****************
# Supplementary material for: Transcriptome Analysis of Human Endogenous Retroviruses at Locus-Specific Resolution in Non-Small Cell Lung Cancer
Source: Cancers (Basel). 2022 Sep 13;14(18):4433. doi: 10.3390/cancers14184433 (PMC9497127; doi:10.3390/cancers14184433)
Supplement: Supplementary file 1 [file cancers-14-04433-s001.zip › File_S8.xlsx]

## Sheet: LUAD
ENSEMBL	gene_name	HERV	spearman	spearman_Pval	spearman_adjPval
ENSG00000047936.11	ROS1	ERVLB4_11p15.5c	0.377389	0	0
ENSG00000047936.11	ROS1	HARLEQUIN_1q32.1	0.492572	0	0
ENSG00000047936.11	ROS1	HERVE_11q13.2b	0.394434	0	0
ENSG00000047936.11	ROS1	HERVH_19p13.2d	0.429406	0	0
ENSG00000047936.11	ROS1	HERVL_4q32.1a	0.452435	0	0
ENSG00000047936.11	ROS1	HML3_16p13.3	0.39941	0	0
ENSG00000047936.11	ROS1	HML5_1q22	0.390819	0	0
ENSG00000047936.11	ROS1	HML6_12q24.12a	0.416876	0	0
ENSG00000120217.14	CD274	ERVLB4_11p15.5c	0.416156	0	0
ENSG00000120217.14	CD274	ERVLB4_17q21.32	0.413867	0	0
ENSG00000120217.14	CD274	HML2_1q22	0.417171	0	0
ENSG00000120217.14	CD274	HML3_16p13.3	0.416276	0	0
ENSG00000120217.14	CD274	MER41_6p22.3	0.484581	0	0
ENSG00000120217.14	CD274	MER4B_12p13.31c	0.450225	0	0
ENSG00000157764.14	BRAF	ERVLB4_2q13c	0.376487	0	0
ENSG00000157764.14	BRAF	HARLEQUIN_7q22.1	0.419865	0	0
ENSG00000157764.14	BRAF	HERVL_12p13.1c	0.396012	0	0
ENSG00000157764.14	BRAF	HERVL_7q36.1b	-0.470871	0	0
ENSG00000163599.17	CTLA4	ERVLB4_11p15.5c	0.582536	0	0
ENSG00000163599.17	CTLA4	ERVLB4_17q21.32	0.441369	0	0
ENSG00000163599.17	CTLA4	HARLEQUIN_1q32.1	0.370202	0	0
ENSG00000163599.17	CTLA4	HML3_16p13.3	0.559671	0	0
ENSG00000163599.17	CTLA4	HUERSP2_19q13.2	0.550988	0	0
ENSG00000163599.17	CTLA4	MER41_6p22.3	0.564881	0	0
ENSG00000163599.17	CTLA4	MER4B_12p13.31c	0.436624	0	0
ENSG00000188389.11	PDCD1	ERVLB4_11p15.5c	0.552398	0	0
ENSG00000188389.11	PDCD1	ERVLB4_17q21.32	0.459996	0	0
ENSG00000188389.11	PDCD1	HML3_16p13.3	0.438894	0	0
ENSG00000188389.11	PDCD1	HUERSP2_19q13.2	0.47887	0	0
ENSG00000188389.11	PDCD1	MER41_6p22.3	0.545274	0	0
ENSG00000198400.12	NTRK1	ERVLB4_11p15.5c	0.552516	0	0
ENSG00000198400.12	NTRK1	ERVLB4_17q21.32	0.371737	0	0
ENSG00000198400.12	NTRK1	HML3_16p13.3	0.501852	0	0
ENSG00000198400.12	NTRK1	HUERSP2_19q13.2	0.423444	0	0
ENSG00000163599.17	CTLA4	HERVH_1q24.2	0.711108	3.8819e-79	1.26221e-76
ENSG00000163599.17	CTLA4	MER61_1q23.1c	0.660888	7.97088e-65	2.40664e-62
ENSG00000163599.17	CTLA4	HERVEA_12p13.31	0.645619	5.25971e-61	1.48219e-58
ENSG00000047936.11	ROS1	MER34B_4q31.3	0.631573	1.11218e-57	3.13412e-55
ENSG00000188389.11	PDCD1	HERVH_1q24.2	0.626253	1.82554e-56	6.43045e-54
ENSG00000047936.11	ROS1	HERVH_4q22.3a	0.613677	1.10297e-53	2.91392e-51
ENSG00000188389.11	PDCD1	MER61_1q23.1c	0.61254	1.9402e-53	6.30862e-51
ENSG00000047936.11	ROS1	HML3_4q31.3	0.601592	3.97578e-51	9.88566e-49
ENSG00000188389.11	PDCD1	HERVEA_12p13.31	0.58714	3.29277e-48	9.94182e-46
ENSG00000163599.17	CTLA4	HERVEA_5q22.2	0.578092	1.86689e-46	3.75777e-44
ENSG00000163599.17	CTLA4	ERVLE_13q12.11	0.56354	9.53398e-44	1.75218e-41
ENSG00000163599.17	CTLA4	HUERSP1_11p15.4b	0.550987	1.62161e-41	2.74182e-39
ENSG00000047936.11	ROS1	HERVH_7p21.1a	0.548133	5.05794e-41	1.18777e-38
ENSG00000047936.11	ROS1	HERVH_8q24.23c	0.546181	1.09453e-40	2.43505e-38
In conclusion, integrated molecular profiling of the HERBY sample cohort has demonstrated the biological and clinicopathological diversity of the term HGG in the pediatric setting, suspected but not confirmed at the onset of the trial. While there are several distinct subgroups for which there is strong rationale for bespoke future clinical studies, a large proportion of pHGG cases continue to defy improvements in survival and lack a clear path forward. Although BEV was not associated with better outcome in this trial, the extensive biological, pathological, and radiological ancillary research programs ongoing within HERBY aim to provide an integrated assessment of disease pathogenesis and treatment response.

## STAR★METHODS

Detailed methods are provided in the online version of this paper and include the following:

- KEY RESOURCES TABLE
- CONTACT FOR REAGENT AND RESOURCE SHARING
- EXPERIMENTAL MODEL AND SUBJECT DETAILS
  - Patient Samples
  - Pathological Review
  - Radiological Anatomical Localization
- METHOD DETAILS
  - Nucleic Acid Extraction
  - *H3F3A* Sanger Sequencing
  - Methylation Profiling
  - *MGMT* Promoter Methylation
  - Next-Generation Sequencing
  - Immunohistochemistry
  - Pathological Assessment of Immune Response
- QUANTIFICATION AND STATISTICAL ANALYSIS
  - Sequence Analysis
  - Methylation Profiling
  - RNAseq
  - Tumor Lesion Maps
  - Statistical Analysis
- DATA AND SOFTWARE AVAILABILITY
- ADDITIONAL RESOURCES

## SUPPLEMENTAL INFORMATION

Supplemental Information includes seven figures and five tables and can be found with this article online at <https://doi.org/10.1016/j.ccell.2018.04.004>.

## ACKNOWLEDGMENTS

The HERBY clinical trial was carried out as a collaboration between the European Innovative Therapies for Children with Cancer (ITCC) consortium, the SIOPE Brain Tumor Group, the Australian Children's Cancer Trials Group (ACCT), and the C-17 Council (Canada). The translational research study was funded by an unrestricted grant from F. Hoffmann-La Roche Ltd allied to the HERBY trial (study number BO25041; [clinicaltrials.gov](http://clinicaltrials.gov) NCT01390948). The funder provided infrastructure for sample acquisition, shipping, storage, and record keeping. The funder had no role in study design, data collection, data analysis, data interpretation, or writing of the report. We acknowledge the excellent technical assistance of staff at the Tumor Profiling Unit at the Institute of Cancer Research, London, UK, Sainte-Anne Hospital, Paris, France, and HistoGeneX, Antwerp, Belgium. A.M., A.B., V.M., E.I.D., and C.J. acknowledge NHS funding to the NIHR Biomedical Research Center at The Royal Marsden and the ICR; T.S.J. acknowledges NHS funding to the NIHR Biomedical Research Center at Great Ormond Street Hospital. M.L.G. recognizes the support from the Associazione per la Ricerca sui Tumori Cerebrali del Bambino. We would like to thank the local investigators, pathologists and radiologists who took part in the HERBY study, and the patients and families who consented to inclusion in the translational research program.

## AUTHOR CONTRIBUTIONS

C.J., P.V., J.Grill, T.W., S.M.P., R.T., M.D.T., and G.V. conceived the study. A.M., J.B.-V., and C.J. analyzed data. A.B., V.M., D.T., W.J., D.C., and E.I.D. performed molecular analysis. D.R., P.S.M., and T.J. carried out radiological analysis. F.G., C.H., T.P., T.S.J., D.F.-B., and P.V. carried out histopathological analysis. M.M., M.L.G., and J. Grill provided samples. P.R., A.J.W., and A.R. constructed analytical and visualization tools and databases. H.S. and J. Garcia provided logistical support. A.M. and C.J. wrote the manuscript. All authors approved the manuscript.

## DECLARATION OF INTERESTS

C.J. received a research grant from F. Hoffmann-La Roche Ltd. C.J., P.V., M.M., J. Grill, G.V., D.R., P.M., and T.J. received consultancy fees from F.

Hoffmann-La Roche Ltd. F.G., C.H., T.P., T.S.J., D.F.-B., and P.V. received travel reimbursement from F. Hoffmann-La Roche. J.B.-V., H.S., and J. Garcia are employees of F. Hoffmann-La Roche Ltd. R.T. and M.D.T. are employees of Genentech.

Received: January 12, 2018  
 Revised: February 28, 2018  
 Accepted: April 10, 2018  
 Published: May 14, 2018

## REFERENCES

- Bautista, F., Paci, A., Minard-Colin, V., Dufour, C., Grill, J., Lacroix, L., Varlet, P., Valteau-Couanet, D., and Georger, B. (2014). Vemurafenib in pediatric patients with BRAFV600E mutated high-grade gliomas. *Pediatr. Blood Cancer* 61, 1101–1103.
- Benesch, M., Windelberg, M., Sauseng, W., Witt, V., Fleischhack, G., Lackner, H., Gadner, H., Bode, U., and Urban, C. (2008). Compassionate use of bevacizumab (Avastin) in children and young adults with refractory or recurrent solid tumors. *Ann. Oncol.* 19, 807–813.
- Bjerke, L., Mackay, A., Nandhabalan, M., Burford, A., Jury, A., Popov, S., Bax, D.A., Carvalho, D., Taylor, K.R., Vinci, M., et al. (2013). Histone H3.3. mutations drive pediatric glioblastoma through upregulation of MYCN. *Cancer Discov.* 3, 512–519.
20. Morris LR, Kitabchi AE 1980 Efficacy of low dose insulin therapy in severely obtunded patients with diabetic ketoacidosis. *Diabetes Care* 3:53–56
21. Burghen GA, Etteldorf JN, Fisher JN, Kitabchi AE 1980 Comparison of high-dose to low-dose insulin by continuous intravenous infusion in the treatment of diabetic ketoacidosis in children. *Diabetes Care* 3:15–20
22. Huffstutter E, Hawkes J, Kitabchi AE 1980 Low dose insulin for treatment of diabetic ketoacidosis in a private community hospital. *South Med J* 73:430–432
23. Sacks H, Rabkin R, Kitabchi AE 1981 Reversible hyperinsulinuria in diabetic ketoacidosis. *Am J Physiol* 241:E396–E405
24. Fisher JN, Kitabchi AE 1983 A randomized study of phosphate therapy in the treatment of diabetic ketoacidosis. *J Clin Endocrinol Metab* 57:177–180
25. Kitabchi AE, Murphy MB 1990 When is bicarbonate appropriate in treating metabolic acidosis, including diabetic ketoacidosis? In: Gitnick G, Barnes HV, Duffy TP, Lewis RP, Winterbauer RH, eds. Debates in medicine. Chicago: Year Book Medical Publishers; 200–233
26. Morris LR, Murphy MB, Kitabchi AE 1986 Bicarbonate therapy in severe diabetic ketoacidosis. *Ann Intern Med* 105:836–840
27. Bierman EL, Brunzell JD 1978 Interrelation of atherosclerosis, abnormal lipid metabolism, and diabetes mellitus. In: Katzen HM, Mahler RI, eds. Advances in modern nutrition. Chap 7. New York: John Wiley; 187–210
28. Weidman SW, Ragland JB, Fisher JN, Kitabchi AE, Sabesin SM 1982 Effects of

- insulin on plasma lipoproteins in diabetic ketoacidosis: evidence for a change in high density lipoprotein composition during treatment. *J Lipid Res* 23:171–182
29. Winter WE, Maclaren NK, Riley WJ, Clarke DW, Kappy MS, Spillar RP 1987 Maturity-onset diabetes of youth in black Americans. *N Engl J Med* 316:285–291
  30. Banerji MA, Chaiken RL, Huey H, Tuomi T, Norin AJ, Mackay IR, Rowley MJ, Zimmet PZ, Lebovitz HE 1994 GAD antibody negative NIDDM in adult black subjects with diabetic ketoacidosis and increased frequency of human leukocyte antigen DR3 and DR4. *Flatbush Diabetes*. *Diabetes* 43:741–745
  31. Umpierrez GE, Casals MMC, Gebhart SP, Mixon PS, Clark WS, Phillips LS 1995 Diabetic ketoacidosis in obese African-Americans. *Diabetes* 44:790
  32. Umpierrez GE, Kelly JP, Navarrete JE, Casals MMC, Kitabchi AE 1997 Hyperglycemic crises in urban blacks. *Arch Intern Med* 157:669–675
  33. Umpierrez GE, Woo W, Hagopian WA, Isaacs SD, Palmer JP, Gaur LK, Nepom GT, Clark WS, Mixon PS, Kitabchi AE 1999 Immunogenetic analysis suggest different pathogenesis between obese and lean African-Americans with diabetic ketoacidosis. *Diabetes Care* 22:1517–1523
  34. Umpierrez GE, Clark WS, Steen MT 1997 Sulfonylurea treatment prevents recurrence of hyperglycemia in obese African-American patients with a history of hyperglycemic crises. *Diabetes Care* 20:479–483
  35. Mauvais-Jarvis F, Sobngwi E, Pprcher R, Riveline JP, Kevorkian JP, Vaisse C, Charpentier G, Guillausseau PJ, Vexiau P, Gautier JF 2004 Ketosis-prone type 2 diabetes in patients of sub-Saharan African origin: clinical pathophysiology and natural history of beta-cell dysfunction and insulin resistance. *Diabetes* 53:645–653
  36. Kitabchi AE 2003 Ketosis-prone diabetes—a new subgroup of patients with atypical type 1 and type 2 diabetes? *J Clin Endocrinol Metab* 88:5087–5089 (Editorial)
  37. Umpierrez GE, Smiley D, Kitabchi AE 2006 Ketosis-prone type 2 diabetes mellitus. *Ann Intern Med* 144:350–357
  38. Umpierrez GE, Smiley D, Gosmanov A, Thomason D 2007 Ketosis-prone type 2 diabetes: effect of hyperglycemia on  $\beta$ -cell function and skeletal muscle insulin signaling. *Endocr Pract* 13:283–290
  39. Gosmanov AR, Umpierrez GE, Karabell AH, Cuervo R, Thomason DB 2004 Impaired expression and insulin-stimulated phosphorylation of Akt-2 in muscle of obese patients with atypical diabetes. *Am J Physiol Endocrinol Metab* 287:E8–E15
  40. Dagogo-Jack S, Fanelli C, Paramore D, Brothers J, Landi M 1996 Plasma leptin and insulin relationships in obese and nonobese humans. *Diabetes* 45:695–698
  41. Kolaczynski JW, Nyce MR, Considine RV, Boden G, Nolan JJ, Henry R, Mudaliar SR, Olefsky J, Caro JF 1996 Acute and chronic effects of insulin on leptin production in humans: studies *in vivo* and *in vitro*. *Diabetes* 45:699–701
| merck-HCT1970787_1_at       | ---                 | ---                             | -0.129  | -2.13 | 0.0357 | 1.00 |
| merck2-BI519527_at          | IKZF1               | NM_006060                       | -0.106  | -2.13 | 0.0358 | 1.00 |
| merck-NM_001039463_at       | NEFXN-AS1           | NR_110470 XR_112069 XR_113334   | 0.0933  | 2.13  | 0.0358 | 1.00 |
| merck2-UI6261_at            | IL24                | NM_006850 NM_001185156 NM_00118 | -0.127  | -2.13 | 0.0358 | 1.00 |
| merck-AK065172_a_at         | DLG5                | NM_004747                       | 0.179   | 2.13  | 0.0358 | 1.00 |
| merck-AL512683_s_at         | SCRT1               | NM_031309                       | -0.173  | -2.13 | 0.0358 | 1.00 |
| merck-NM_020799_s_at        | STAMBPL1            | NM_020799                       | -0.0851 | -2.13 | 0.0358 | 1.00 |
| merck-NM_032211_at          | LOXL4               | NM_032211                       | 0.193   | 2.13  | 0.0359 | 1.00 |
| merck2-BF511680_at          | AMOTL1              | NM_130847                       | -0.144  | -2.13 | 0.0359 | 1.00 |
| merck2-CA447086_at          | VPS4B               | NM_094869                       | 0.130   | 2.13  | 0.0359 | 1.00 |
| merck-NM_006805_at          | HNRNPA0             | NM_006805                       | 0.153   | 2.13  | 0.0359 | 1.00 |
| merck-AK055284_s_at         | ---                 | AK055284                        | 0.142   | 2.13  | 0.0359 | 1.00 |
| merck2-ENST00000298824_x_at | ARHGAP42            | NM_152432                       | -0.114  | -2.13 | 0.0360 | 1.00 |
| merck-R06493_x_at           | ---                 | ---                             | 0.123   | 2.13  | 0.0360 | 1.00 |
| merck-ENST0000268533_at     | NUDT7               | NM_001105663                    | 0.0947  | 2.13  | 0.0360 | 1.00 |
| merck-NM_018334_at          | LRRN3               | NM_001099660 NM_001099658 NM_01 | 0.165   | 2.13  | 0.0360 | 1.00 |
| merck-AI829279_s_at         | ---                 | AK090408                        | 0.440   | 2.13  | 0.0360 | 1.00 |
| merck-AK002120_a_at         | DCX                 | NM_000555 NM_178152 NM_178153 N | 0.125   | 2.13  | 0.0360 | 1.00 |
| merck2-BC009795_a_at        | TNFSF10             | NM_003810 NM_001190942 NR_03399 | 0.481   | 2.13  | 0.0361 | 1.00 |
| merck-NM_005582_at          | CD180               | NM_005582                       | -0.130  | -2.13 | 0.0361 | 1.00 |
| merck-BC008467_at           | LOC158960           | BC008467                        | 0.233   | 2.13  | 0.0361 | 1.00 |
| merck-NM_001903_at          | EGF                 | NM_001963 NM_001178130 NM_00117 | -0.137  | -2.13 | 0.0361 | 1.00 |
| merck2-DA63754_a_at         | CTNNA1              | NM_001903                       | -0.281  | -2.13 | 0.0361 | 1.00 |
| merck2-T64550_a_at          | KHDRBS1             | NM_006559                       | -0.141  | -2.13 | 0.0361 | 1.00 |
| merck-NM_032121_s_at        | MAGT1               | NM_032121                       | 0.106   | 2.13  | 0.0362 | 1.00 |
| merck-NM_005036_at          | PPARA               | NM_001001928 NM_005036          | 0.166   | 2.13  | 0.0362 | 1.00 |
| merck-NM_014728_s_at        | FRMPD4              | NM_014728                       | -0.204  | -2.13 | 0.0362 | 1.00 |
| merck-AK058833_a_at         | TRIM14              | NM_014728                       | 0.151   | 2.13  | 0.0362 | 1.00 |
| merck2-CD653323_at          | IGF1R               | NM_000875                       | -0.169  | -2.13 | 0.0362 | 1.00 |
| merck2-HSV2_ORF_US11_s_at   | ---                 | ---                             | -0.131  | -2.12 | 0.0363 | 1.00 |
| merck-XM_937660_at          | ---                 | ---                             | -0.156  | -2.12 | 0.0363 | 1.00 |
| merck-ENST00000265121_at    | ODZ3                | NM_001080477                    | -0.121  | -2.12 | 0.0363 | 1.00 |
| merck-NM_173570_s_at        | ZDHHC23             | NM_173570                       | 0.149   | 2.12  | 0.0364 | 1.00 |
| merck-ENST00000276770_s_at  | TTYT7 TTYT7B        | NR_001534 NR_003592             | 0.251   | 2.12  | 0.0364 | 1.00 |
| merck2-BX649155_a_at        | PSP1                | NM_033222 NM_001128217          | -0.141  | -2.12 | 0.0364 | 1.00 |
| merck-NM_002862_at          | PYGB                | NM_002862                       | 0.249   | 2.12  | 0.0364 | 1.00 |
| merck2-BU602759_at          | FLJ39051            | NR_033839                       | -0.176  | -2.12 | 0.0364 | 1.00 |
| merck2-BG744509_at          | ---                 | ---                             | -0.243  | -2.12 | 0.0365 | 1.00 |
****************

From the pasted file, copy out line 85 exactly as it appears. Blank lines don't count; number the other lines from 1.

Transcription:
## DECLARATION OF INTERESTS